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Malia's world

Many see Obama's eldest daughter as a symbol of the ripening message of hope

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When she stepped onto that stage in Chicago on election night, my breath caught. She was tall to the point of stretching, effortlessly poised and graceful beyond reproach. The metaphor is often overused, but she was gazelle-like.

I'm speaking, of course, about 14-year-old first daughter Malia Obama, the teenager who has inherited not only the physical gifts of her famous parents, but also the expectations that come with their very existence.

"Sasha and Malia, before our very eyes, you're growing up to be two strong, smart, beautiful young women, just like your mom," President Obama said in his victory speech on Nov. 6.

Like teen gymnast Gabrielle Douglas before her, Malia seemed to truly enter the national stage representing a new generation of young women -- and black women -- who seem unburdened by the stereotypes that have weighed down their predecessors. It wasn't long ago that Michelle Obama, whose national approval rating is about 66 per cent, had to bat down worn-out labels like militant, unpatriotic and, of course, angry. But Malia (and her sister, Sasha) seem somewhat exempt from that when it comes to their national perception.

In a recent New Yorker article titled The Malia Generation, the Obama daughters' growing up was offered as a symbol of the ripening message of hope in the country:

"Mitt Romney had tried to win the election, in part, by making people a little ashamed of how they'd felt back in 2008 -- that their hopes had gone bad ... And yet some things hadn't faded, it turned out. Obama won, and will still be the president when Malia is old enough to vote for his successor," wrote New Yorker senior editor Amy Davidson.

Malia is like a standard-bearer -- not just for black women, who see in her a fountain of youth that reflects hopes for an entire generation, but also the electorate at large. The folks who remember the Obama girls as cute and cuddly. The ones who wrote so effusively in 2008 about the image of these two little brown girls playing on the White House lawn with their furry dog, Bo. They were the final touches of a Rockwellian American portrait, its dream desegregated.

Just as Malia and Sasha have grown (as all kids are wont to do), the reality of the dream has also changed -- but not the vision behind it. The economy, which has grown steadily, is still not where the president originally promised it would be. The deficit is mounting. Education is weakening. Tension in the Middle East grows while partisanship shrinks across-the-aisle cooperation in Washington.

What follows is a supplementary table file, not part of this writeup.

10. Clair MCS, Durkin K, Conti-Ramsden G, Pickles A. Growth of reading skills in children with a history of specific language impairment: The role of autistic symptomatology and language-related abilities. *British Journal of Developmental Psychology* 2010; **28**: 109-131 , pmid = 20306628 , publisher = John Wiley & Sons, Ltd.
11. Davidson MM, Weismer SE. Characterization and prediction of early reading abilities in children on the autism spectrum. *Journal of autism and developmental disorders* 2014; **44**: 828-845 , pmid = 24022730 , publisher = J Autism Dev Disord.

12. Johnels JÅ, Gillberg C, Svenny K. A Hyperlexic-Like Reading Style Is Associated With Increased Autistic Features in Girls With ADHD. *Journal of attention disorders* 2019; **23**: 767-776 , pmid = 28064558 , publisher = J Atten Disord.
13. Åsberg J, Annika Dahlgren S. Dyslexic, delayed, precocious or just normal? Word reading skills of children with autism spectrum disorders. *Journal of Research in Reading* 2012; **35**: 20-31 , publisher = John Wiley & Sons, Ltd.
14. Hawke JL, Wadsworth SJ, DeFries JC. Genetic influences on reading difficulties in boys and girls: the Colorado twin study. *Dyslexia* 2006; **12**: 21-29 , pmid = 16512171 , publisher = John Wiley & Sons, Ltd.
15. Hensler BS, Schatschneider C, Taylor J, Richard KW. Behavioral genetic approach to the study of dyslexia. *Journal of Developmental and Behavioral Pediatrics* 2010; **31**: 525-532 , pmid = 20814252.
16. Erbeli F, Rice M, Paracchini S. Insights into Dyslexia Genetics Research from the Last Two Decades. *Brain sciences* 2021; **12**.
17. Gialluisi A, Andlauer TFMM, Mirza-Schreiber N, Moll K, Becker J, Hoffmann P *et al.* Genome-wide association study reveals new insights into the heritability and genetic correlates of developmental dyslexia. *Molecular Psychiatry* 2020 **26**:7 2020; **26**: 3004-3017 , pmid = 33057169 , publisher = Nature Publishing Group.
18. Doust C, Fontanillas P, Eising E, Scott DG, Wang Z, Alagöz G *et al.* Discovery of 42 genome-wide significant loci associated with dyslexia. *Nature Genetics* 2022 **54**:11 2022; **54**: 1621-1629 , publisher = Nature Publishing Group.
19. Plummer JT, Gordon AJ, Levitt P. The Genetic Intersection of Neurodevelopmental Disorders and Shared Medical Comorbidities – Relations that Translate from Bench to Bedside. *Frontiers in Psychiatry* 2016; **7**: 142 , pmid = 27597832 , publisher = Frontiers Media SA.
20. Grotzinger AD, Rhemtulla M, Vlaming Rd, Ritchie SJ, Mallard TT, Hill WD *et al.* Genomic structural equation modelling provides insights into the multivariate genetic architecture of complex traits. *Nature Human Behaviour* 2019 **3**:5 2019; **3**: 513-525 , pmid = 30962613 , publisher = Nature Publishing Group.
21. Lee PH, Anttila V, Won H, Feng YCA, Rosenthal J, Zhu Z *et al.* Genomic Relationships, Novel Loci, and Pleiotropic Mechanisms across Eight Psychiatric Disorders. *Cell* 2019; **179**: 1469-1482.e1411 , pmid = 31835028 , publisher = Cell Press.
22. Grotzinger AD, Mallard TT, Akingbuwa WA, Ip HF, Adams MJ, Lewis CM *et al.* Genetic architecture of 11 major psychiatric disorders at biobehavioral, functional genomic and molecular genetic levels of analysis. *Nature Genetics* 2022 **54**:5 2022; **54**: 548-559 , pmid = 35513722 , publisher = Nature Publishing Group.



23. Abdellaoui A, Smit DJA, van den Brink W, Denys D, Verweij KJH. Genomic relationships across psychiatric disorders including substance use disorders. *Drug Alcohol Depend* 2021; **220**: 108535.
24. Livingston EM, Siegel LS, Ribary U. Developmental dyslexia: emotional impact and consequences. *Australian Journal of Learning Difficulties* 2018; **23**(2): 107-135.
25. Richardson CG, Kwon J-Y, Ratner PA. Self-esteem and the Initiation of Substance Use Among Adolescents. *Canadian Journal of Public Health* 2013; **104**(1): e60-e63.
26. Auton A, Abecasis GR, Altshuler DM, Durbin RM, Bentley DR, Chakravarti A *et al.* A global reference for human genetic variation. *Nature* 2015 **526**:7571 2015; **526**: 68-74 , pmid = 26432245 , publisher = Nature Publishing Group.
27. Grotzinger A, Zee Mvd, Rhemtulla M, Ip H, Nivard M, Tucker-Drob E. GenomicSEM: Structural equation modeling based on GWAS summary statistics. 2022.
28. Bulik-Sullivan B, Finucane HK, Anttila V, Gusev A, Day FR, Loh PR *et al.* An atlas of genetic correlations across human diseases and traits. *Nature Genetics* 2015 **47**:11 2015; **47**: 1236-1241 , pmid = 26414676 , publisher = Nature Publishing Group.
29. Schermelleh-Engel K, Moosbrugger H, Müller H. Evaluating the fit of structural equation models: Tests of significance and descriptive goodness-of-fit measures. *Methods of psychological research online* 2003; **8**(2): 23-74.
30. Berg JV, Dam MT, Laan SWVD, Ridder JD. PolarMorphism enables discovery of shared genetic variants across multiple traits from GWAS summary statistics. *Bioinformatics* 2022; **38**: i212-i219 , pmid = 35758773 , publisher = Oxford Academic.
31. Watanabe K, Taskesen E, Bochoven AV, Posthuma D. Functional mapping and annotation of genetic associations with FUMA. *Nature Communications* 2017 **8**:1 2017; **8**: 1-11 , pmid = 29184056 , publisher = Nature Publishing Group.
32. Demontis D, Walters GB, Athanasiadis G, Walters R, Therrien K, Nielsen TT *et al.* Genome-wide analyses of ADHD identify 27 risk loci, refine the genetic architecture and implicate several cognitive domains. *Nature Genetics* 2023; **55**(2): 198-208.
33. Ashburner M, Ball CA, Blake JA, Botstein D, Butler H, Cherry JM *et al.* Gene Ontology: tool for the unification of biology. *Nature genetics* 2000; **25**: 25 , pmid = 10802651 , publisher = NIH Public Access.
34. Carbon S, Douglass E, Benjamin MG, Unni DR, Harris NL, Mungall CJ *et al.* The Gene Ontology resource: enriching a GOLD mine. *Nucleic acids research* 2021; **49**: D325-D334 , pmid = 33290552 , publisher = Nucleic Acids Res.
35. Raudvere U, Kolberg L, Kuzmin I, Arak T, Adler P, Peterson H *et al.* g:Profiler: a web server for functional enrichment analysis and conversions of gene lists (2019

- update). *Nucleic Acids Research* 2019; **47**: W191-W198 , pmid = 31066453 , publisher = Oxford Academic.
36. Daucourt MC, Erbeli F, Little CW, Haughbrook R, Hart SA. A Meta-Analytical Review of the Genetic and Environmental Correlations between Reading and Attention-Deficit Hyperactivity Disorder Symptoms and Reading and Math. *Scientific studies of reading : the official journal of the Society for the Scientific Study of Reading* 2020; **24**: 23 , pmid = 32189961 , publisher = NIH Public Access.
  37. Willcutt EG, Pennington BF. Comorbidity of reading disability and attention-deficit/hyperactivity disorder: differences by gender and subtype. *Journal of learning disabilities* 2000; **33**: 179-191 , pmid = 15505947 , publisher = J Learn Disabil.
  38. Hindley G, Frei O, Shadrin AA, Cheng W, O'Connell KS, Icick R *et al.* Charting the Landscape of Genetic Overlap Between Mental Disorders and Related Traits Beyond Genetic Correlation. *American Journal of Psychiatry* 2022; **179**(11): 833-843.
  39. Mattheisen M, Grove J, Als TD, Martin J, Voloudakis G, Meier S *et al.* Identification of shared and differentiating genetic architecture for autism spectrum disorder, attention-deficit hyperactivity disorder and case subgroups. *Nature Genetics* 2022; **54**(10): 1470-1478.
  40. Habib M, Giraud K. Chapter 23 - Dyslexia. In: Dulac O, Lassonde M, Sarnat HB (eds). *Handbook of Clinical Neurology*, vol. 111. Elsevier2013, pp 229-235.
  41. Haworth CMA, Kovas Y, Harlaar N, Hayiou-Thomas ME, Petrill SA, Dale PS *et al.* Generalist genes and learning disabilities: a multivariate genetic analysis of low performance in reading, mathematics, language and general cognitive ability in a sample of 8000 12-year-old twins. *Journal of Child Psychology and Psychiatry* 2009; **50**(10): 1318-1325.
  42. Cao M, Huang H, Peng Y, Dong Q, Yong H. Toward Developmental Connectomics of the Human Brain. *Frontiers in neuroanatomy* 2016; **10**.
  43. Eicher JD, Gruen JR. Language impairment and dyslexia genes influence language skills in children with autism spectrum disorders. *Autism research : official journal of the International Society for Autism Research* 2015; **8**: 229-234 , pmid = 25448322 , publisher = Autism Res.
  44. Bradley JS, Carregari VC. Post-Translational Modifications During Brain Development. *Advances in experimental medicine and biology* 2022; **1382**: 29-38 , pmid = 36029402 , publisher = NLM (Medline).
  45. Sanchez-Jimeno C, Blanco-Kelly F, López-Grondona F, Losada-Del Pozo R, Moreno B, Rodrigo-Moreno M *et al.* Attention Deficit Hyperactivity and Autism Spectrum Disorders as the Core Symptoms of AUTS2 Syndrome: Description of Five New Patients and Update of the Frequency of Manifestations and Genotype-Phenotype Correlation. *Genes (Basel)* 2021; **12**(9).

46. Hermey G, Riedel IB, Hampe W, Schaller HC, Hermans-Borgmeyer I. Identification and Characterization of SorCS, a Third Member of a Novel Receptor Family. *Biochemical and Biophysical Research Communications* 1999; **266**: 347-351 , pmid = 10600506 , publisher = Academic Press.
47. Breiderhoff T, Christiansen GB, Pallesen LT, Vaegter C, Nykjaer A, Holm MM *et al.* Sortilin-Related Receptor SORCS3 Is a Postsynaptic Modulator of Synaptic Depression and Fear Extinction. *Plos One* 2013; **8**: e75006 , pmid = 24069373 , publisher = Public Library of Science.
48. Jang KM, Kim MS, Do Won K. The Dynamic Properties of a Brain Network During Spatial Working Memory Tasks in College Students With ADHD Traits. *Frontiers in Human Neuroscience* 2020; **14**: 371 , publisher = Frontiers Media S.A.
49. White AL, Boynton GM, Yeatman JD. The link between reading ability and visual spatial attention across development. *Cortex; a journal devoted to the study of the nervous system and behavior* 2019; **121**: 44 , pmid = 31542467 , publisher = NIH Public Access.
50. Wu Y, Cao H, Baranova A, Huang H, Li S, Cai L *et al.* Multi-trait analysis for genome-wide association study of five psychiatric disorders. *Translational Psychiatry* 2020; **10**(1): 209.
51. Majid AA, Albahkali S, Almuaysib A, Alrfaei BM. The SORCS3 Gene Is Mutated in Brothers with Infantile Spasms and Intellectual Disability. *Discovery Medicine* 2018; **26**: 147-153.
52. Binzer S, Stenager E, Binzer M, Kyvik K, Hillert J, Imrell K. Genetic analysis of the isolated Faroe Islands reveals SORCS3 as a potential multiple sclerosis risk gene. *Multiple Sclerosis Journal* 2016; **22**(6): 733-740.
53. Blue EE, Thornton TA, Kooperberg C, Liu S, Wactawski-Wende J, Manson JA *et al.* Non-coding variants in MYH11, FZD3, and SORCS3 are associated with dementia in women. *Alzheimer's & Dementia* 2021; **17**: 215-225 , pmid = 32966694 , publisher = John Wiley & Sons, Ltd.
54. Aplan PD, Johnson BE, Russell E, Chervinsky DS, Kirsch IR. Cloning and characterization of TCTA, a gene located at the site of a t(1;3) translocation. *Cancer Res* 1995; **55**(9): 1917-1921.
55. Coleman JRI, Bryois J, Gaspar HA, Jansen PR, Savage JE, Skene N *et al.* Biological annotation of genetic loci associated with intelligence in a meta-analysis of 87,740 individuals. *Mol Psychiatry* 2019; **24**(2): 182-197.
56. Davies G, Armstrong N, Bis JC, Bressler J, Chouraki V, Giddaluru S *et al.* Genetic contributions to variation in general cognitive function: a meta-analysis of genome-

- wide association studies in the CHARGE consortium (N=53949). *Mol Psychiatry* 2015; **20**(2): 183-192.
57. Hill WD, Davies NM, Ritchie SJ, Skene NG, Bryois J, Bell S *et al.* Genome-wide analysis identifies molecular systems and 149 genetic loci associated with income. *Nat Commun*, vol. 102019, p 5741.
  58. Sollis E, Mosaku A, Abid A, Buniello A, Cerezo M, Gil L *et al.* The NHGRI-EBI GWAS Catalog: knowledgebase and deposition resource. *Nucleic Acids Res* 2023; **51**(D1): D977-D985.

There are these and plenty more stark realities for the president to face outside the bubble. The same can be said of the stark reality of simply growing up, changing, getting older -- exactly what the Obama girls are doing before our eyes.

"I just wanted to build a fence around her and keep her away from all the ugliness of the world so that she would continue to be as beautiful as she is," joked a friend of mine upon seeing Malia wave to the Chicago crowd. "She's just as poised and humble as she could be. Thank God Michelle is her mama."

The president has continually echoed that same praise, and for her part the first lady has fought to keep the family dynamics' status quo at 1600 Pennsylvania Ave. Last year she told that White House staffers should expect Malia and Sasha to make their own beds and clean their own rooms.

"We fight for their normalcy," she said. "I find myself checking with friends: 'How did the girls seem?' And they'll say, 'No, they're the same kids. They're the same girls.' I'm like, 'OK, good. Just tell me if you see anything. Just let me know.' "

Following the election, the entire country knew two things about the Obama girls: They had most definitely changed, and somehow stayed the same.

In keeping with the new theme of the campaign, there's much to look forward to in the next four years of the Obama administration. Immigration reform, energy independence and education reform were all on the agenda in the president's victory speech. All the while I imagined high school, first dates and college applications filing up those four years, too. And I became even more hopeful about the way forward.

-- The Root

Helena Andrews is a contributing editor

at The Root and author of Bitch Is the New Black, a memoir in essays.

Republished from the Winnipeg Free Press print edition November 25, 2012 A10

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